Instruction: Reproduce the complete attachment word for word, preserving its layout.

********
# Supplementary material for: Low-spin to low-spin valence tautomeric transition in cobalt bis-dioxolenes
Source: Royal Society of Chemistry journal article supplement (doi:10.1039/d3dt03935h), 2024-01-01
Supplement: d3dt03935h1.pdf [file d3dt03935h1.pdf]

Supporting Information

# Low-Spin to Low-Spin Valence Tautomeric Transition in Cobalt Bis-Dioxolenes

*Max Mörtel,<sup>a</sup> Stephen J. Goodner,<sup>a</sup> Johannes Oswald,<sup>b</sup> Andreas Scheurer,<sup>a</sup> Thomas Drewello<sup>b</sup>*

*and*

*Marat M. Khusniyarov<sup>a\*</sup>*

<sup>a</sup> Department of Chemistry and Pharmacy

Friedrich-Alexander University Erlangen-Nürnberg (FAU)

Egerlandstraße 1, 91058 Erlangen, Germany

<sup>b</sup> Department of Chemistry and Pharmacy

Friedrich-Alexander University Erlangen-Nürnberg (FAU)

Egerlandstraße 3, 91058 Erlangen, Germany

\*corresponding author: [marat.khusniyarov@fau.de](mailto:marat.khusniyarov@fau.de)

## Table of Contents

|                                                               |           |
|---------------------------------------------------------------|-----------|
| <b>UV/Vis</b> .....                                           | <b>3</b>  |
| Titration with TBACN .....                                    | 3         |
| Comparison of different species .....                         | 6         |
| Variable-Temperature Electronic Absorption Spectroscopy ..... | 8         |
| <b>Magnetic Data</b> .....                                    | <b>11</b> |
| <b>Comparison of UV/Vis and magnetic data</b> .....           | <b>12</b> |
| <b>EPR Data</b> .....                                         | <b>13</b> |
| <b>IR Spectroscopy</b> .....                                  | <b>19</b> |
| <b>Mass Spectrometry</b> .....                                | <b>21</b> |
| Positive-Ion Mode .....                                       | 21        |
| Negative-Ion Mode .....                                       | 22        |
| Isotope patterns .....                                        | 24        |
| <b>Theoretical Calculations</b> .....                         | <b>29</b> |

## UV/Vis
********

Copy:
# Supplementary material for: Low-spin to low-spin valence tautomeric transition in cobalt bis-dioxolenes
Source: Royal Society of Chemistry journal article supplement (doi:10.1039/d3dt03935h), 2024-01-01
Supplement: d3dt03935h1.pdf [file d3dt03935h1.pdf]

Supporting Information

# Low-Spin to Low-Spin Valence Tautomeric Transition in Cobalt Bis-Dioxolenes

*Max Mörtel,<sup>a</sup> Stephen J. Goodner,<sup>a</sup> Johannes Oswald,<sup>b</sup> Andreas Scheurer,<sup>a</sup> Thomas Drewello<sup>b</sup>*

*and*

*Marat M. Khusniyarov<sup>a\*</sup>*

<sup>a</sup> Department of Chemistry and Pharmacy

Friedrich-Alexander University Erlangen-Nürnberg (FAU)

Egerlandstraße 1, 91058 Erlangen, Germany

<sup>b</sup> Department of Chemistry and Pharmacy

Friedrich-Alexander University Erlangen-Nürnberg (FAU)

Egerlandstraße 3, 91058 Erlangen, Germany

\*corresponding author: [marat.khusniyarov@fau.de](mailto:marat.khusniyarov@fau.de)

## Table of Contents

|                                                               |           |
|---------------------------------------------------------------|-----------|
| <b>UV/Vis</b> .....                                           | <b>3</b>  |
| Titration with TBACN .....                                    | 3         |
| Comparison of different species .....                         | 6         |
| Variable-Temperature Electronic Absorption Spectroscopy ..... | 8         |
| <b>Magnetic Data</b> .....                                    | <b>11</b> |
| <b>Comparison of UV/Vis and magnetic data</b> .....           | <b>12</b> |
| <b>EPR Data</b> .....                                         | <b>13</b> |
| <b>IR Spectroscopy</b> .....                                  | <b>19</b> |
| <b>Mass Spectrometry</b> .....                                | <b>21</b> |
| Positive-Ion Mode .....                                       | 21        |
| Negative-Ion Mode .....                                       | 22        |
| Isotope patterns .....                                        | 24        |
| <b>Theoretical Calculations</b> .....                         | <b>29</b> |

## UV/Vis